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China’s Regulatory Crackdown Should be Read as the State Taking Control of the Economy

Feb 26, 2022

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Chinese policy makers have been engaged in a massive regulatory crackdown for over a year. A number of sectors have been affected, starting with the tech sector, followed by the education sector. At the same time the real estate sector has also been severely affected by a specific regulatory crackdown (the three red lines) and a more general antitrust push has also taken place. In addition, President Xi Jinping has put at the top of the agenda the quest for common prosperity. Below I will be reviewing three major issues related to China’s regulatory crackdown and how it may be related to increasing the power of the state in the economy. 

Data issues in the tech sector

The Chinese tech sector has gone through a number of regulatory changes, many of which related to data ownership. The fact that the Chinese government has clearly ramped up regulations in the digital space and enforcing against Chinese technological champions has thus come as a shock to non-Chinese observers. Along those lines, China’s Personal Information Protection Law (PIPL) came into force on 1 November 2021, with some influence from the EU’s General Data Protection Regulation (GDPR) playbook but with more leeway when it comes to the government’s enforcement ability. Finally, the forthcoming Internet Information Service Algorithmic Recommendation Management Provisions regulation will attempt to address concerns that plague tech regulators around the world: disinformation, nudging and algorithmic manipulation, online user addiction, and price discrimination. What is clear though, is that the state will have much more control on data and tech companies and that the path forward is unchartered territory. In other words, it is unclear whether the top-down rules defined by regulatory authorities are compatible with a smooth online experience.

Antitrust forces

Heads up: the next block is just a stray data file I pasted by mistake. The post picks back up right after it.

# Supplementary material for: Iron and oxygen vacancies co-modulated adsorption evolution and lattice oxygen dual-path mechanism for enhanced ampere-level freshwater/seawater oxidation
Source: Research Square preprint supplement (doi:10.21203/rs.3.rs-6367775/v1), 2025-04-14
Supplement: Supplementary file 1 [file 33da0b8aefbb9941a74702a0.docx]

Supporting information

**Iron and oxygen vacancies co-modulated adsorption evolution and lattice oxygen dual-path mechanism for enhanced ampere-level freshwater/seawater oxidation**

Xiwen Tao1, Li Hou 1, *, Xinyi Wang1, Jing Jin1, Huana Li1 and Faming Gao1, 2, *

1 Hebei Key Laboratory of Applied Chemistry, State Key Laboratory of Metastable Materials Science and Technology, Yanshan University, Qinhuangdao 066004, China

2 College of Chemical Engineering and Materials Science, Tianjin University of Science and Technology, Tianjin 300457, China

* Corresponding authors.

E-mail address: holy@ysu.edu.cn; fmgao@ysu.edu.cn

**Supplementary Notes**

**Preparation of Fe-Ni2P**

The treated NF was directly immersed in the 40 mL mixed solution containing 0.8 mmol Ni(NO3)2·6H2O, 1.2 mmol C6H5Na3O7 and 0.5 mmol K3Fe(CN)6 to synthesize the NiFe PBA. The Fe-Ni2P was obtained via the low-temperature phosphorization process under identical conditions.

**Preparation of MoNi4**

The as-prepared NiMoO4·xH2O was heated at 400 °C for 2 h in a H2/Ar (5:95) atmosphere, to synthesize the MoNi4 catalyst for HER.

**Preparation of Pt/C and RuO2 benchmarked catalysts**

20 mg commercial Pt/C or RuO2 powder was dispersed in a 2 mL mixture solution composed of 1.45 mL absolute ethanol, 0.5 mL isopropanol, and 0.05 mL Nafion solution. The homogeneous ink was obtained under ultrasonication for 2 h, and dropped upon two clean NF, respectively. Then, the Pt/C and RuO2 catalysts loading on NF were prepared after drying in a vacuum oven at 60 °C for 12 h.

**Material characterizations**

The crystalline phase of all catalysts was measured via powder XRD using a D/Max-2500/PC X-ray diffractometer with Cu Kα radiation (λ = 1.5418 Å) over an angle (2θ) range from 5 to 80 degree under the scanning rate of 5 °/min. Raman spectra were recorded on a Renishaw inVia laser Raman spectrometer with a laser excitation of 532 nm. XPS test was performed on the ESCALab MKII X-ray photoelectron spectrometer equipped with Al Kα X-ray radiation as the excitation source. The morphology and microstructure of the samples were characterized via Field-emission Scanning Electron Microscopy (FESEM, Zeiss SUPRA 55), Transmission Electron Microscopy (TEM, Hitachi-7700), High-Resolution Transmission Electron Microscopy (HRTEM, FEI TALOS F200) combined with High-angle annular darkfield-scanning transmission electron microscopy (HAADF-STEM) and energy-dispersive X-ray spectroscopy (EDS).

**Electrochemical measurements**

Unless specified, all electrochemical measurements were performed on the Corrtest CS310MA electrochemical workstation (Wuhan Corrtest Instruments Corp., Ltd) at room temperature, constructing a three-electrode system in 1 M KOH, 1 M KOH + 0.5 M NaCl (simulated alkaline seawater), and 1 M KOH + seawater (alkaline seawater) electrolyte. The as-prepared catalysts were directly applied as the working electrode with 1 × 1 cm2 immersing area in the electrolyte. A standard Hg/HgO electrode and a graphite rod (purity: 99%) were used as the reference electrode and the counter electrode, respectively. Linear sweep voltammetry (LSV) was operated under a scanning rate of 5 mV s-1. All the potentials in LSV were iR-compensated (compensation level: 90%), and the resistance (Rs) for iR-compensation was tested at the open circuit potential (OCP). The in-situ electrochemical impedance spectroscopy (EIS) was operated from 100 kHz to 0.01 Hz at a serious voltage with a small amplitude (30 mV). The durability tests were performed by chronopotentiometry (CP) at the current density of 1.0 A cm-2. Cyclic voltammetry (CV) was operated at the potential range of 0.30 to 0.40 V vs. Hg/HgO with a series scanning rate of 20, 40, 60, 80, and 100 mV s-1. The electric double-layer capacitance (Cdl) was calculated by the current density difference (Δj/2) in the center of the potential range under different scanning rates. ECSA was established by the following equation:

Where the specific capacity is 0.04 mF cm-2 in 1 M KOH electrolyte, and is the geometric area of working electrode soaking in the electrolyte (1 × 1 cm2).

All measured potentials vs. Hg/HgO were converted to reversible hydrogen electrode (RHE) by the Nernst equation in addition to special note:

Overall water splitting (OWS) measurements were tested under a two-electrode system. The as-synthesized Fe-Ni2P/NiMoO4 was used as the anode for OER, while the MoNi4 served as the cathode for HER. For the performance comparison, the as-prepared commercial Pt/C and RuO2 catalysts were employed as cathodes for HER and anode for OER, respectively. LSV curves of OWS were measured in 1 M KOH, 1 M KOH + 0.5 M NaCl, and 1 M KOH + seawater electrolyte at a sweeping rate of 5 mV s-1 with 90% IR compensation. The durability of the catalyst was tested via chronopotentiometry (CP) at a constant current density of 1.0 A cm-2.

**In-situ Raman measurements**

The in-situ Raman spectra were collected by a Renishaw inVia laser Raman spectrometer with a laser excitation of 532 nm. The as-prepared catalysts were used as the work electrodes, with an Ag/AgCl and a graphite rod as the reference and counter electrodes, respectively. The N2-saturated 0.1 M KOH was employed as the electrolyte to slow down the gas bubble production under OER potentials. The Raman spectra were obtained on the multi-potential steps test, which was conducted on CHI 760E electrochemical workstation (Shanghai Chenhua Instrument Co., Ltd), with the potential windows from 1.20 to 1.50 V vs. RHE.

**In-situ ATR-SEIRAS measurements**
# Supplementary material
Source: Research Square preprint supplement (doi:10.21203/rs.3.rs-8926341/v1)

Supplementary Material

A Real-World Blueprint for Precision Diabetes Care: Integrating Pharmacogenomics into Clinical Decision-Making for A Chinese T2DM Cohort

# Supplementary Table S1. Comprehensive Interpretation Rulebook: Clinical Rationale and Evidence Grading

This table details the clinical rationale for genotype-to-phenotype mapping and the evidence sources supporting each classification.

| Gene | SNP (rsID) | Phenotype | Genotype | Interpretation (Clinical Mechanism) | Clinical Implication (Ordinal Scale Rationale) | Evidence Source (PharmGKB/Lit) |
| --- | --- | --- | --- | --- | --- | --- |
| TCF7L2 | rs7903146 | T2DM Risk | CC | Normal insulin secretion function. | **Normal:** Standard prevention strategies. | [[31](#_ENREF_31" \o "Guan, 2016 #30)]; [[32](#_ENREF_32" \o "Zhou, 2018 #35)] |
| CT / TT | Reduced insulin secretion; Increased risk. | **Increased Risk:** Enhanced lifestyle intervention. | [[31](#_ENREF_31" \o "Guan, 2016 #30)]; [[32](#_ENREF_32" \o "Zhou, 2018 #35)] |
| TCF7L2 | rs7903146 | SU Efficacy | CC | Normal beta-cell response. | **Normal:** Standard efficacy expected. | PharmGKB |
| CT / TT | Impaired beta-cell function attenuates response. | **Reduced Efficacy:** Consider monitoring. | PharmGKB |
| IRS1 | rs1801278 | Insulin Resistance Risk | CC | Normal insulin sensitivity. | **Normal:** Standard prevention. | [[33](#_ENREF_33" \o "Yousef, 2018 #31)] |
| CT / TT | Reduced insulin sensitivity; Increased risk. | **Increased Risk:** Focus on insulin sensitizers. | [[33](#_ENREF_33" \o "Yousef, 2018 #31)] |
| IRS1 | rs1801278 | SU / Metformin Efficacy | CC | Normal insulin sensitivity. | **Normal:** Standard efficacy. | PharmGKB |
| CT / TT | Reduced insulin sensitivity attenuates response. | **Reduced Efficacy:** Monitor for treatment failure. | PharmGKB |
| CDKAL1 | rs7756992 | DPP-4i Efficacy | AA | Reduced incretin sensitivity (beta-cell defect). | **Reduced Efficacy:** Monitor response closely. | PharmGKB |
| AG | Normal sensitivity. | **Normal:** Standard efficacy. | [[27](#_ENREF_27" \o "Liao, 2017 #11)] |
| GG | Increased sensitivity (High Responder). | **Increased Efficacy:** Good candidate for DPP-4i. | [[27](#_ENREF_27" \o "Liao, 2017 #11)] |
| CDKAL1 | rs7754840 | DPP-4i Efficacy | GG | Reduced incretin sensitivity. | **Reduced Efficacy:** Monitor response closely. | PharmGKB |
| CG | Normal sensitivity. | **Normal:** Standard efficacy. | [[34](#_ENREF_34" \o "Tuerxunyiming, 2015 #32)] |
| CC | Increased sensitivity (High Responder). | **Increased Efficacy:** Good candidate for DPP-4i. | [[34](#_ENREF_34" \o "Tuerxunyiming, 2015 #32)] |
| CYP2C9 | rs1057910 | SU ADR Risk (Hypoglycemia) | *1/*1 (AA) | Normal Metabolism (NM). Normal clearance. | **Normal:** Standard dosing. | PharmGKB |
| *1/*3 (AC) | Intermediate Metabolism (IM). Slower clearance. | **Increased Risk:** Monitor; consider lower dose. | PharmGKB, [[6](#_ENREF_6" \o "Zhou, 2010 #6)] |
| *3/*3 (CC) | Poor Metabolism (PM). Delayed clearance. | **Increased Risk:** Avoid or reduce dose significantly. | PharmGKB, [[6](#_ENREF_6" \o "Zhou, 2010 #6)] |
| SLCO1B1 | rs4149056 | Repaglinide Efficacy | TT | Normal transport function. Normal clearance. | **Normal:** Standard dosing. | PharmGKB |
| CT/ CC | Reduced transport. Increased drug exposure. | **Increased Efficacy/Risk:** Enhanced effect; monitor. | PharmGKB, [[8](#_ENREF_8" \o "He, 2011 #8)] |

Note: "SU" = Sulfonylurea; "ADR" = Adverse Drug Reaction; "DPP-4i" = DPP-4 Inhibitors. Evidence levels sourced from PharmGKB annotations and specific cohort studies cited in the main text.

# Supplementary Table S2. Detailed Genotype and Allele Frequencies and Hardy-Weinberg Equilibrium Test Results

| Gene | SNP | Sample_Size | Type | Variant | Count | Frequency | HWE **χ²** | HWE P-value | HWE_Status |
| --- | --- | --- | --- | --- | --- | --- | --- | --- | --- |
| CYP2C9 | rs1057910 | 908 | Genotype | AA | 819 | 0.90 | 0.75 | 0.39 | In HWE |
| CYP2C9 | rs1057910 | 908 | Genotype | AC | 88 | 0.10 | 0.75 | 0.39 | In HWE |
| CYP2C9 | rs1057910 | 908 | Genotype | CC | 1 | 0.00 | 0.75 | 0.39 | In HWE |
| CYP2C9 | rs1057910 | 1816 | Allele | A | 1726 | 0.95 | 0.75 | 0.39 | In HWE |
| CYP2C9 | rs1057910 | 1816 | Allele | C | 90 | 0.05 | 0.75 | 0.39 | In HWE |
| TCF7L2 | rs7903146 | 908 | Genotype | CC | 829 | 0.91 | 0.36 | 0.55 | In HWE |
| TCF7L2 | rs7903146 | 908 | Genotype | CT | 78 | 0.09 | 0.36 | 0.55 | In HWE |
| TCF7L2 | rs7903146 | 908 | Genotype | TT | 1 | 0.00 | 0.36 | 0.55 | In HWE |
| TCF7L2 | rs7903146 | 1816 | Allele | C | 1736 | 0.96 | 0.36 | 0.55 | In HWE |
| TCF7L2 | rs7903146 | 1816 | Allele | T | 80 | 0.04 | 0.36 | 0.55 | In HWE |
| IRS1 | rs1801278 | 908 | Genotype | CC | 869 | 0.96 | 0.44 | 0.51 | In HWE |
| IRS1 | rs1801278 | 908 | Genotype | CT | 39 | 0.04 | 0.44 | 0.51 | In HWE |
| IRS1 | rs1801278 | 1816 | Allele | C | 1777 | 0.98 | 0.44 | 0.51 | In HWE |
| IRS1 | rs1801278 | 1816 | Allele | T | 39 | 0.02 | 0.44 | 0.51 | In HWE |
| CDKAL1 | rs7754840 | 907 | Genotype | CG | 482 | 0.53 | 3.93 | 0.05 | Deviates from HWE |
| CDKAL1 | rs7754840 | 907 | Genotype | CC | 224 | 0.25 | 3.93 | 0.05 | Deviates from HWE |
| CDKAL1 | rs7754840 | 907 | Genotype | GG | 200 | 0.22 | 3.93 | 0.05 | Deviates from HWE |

When Ant Financial’s initial public offering, which should have been one of the biggest listings of all time, was suddenly canceled in November 2020, China’s antitrust policies became (and have remained) a huge topic of discussion both in China and globally. While initially deemed an isolated case due to the company’s refusal to accept a tougher regulatory environment for lending practices, it quickly became apparent that China’s antitrust policies were much broader and had started much earlier. Looking at the spectrum of antitrust cases so far, one can think of several reasons why the Chinese authorities may be stepping up and deploying their arsenal of antitrust measures. The first reason is the increasing size of Chinese companies and their oligopolistic behavior in key sectors. These sectors, fintech and e-commerce, have been the target of recent antitrust measures. Interestingly, oligopolistic practices can also be found in old sectors dominated by state-owned enterprises such as energy and even the transport sector, although they have remained largely unscathed by the government’s antitrust push. Another good example is the ICT industry, where very few players, such as ZTE and Huawei and more recently Xiaomi in the hardware space, dominate the scene. Similarly, China Mobile and China Unicom dominate the telecom sector, in which foreign participation remains capped even after China’s renewed liberalization measures like the foreign investment law. No antitrust measures have been announced so far there. Against this backdrop, a more subtle – but possibly relevant – explanation of Chinese policy makers’ decision to step up antitrust measures is to increase state control over key private actors dominating new markets, especially in the fintech and digital space. Chinese leaders could consider this all the more necessary given these sectors’ economies of scale and network externalities but, most importantly, the data which can be accumulated about consumer preferences and beyond.